An 'Optimistic' Timetable

Partly because of these developments, standards could be in place in the five core subjects--English, mathematics, science, history, and geography--within 12 to 18 months, predicted Gov. Carroll A. Campbell Jr. of South Carolina, the co-chairman of the standards council.

Some educators suggest, however, that that timetable may be too short.

"It's not crazily optimistic, but it's optimistic," said Susan H. Fuhrman, the director of the Consortium for Policy Research in Education at Rutgers University. "A lot of people will have to work very hard" to meet that deadline.

Miles Myers, the executive director of the National Council of Teachers of English, said standards in that subject would take "three to four years" to be developed.

The group has begun to sift through state curriculum frameworks, national reform documents, and research on learning in the language arts, and is expected to produce a draft statement in the fall of 2993, Mr. Myers said. The draft would then be sent out to teachers for further refinements, he added.

"We have a lot of rich work to bring together ," Mr. Myers said. "it's not going to be done just overnight."

Frank Newman, the president of the Education Commission of the States, also noted that political arguments, such as those over multicultural education, might slow the development of standards in history and geography.

"In math, most people don't feel comfortable arguing an idealogical side to the issue,"he said. "That's not true in other fields. There are powerful arguments about what kids should know."

Can These Airplanes Fly?

Most educators say that, despite these hurdles, standards could eventually be set. But many are less confident about the proposed assessment system.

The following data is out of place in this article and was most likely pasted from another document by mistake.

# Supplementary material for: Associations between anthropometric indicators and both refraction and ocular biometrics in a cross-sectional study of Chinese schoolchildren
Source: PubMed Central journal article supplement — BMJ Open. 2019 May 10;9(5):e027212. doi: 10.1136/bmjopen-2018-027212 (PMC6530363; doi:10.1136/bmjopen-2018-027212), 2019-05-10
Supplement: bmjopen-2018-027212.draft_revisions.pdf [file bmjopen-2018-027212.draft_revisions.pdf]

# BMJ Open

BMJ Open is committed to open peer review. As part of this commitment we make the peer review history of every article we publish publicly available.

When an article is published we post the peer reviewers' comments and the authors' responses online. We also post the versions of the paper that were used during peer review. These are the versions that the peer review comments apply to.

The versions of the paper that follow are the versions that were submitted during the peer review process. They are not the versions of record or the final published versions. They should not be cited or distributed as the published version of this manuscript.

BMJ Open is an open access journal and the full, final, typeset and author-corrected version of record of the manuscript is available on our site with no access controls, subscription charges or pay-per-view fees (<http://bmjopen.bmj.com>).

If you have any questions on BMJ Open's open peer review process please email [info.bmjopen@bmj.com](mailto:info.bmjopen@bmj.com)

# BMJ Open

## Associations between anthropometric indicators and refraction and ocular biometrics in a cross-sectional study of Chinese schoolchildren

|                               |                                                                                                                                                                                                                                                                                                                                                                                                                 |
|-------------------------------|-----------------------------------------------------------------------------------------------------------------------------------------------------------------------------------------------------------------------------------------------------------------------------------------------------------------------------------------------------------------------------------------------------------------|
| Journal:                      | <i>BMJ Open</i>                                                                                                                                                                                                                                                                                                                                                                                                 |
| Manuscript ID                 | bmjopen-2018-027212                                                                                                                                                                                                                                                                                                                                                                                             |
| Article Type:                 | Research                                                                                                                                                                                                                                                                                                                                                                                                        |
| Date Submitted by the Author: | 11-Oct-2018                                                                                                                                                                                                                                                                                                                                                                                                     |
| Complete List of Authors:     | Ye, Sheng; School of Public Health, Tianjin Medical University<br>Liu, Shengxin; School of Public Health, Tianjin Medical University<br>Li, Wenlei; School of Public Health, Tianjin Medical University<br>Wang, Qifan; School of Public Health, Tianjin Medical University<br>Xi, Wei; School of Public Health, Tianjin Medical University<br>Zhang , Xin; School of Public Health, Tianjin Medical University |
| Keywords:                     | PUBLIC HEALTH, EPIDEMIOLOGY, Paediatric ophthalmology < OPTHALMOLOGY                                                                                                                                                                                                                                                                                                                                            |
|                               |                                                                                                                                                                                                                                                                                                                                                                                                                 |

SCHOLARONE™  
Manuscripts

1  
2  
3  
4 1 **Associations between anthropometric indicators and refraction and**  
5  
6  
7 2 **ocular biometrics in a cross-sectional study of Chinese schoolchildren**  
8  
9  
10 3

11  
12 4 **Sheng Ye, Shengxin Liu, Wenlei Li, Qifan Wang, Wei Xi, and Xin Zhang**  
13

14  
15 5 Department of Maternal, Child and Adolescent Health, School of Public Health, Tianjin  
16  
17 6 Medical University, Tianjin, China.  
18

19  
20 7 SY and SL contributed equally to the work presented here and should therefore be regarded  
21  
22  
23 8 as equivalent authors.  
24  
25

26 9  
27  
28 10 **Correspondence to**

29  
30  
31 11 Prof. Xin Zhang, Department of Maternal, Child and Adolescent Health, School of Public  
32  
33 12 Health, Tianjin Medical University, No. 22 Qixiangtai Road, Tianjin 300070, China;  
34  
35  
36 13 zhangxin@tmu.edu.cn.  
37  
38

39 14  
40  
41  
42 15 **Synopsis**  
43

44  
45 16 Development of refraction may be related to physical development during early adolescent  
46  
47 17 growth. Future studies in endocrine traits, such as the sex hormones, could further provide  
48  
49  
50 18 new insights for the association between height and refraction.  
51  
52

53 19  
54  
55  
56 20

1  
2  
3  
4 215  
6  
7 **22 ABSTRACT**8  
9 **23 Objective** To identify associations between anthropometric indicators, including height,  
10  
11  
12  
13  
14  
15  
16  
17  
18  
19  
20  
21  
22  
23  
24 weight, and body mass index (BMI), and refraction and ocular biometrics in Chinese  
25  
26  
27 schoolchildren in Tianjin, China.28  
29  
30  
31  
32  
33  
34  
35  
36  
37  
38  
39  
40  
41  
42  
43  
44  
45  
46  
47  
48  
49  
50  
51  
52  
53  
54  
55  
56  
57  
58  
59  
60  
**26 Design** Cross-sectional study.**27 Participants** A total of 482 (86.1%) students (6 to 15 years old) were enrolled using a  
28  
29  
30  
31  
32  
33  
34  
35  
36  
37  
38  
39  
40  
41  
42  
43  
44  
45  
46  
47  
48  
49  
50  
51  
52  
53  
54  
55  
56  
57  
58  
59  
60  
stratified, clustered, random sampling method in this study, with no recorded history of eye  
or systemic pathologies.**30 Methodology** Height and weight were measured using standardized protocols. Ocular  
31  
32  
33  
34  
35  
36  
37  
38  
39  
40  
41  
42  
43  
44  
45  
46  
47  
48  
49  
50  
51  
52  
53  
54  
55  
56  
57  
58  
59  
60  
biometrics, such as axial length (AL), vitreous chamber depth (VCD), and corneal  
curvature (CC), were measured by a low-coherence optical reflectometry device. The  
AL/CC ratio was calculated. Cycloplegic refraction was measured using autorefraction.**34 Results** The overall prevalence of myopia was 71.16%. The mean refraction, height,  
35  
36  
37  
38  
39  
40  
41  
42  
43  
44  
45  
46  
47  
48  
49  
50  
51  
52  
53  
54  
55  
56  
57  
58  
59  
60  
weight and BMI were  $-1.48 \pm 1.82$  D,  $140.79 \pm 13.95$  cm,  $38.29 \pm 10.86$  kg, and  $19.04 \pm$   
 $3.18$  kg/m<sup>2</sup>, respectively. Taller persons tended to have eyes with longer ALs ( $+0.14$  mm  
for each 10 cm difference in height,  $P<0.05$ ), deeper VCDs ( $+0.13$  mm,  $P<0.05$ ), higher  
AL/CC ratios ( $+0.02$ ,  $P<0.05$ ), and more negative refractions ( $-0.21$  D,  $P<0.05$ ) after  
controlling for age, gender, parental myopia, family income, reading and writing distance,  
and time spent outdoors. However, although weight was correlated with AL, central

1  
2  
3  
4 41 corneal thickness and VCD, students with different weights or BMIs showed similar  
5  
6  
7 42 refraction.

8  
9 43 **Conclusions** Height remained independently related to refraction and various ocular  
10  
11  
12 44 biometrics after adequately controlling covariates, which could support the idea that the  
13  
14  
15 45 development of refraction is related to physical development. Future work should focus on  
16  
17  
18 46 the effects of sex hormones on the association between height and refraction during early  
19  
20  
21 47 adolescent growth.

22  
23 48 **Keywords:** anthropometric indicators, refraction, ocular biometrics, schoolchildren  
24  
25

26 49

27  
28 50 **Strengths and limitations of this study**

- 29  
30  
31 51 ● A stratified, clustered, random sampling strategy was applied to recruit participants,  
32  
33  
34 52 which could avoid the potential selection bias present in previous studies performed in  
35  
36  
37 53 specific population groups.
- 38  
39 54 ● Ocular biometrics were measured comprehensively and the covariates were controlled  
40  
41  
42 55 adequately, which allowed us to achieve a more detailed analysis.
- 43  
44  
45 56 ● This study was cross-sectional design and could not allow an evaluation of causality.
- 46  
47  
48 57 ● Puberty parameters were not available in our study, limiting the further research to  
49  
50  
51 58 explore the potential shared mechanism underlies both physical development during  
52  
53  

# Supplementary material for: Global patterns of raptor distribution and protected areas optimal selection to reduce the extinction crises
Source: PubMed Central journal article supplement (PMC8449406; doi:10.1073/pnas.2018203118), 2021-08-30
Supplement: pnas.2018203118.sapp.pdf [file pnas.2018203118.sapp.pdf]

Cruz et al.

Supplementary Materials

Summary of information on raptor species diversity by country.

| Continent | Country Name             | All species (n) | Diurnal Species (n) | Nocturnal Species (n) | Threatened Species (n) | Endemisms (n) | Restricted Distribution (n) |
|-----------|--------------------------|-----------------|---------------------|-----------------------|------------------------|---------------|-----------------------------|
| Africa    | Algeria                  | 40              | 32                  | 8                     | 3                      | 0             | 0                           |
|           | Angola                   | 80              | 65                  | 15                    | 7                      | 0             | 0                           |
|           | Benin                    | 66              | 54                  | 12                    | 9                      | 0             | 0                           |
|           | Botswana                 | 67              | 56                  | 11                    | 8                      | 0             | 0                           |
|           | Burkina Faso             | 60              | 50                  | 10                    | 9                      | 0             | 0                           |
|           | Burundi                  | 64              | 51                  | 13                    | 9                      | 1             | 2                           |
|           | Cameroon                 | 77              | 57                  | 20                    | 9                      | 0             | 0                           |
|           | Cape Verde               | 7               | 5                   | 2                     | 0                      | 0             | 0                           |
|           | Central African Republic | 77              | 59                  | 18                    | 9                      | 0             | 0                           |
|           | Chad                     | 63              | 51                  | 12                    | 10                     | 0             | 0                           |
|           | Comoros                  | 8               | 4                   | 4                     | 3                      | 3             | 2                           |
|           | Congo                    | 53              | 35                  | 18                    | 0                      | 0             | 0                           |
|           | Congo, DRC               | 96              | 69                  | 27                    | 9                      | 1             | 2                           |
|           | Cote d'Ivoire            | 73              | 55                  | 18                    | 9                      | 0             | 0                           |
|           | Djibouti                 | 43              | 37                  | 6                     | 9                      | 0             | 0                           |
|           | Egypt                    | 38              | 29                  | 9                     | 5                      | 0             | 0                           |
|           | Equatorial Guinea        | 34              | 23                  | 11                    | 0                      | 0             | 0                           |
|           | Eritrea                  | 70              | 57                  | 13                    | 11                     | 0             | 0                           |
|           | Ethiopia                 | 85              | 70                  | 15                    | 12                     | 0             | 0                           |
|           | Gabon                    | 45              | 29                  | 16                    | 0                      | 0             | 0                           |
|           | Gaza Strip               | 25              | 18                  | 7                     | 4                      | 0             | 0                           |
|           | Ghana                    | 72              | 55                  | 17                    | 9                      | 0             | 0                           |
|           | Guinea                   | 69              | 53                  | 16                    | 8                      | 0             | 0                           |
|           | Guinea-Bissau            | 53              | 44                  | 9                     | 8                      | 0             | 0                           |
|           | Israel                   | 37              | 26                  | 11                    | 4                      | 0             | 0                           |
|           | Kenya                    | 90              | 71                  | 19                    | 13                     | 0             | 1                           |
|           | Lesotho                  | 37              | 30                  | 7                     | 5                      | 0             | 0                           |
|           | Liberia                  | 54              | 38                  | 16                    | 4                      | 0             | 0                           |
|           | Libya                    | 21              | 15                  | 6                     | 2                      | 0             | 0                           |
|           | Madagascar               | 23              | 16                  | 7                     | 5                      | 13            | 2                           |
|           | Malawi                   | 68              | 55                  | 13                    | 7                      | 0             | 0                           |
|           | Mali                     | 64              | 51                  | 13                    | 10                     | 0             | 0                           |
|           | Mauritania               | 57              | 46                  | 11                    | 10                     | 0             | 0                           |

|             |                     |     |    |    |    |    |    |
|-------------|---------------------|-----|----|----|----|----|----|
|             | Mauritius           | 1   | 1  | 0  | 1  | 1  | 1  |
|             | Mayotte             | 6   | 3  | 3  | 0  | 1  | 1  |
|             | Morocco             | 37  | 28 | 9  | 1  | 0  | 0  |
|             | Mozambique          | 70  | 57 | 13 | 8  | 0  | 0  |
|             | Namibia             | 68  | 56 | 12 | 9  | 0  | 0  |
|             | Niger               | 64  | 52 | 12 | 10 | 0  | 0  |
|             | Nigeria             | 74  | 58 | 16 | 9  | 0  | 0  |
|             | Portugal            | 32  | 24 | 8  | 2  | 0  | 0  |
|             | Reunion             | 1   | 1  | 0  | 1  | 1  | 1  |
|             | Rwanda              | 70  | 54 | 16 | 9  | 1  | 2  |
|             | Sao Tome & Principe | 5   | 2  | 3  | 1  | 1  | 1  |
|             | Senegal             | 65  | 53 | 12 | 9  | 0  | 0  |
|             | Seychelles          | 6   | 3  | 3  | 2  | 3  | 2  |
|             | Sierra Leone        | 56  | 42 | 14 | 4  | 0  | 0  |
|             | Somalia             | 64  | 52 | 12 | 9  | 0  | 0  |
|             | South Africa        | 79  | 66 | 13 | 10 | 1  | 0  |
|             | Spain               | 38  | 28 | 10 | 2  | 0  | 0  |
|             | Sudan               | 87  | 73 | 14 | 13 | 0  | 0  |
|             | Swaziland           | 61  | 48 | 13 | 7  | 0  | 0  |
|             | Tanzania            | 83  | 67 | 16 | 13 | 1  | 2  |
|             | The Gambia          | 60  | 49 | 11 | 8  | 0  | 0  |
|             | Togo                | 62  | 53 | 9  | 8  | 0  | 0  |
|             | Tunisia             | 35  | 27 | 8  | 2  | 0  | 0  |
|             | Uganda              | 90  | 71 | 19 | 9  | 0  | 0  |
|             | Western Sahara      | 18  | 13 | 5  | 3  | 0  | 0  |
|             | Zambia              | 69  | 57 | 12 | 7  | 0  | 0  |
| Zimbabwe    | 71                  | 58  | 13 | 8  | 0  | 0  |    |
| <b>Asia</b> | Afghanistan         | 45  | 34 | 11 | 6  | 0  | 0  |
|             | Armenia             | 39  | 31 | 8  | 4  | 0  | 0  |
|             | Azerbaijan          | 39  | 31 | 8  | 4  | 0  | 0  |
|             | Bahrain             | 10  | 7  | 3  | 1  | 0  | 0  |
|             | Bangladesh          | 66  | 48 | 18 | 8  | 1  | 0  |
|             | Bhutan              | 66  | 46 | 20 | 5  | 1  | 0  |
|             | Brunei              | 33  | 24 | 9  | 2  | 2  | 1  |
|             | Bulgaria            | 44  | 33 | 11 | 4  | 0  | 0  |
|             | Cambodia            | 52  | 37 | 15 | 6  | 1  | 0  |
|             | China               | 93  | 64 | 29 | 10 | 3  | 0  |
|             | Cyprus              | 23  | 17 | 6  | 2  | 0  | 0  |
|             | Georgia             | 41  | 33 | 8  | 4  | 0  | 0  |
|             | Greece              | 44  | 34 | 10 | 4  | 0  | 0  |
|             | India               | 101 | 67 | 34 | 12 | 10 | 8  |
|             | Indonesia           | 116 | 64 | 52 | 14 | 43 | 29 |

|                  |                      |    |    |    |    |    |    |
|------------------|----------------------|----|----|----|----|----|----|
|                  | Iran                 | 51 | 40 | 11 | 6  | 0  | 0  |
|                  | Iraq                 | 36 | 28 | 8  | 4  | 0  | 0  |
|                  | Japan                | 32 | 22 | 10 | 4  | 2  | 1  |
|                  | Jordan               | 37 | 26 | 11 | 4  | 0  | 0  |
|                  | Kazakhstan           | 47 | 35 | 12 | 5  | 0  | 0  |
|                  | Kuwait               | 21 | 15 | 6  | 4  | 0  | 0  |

The council's call for a greater use of performance-based assessments instead of conventional multiple-choice tests to measure student achievement will demand a major research and-development effort to produce the new instruments, according to Michael W. Kirst, a professor of education at Stanford University.

"I wonder if these airplanes can really fly," he said. "I'm not ready yet to say [the council's report] heralds a new millennium until I see the tests."

In addition to the difficulty in developing new assessment tools, the proposed system must confront the technical challenge of ensuring that the tests are comparable to one another, said Darnel M. Koretz, a senior social scientist at the RAND Corporation.

But that may be difficult to bring about, he said, because the governance system the council recommended will not necessarily include anyone with technical expertise in testing and measurement.

"We wouldn't have drug trials evaluated by people with no expertise in medicine or pharmacology," Mr. Koretz said.

But Thomas W. Payzant, the superintendent of the San Diego Unified School District, said the goals panel and the new council could name experts to advise them as they create the new system, just as the goals panel did in coming up with measures of progress toward the national education goals.

Moreover, he contended, having political leaders oversee the process is appropriate, since they must make decisions about the allocation of resources for school reforms.

"If you look at the larger set of reform issues, and what it will take to get follow-through on change," Mr. Payzant said, "without the commitment of political forces at the federal, state, and local levels, it's not going to happen."

Such support is vital if the new system is to raise student achievement, added Gordon Cawelti, the executive director of the Association for Supervision and Curriculum Development. Although standards and assessments could help point the way to improved performance, he said, schools must invest in developing the knowledge to improve teaching in all subjects in order to ensure that all students are able to attain the standards.

"High performance is related to adequate resources, no matter how often we may be told otherwise," Mr. Cawelti said.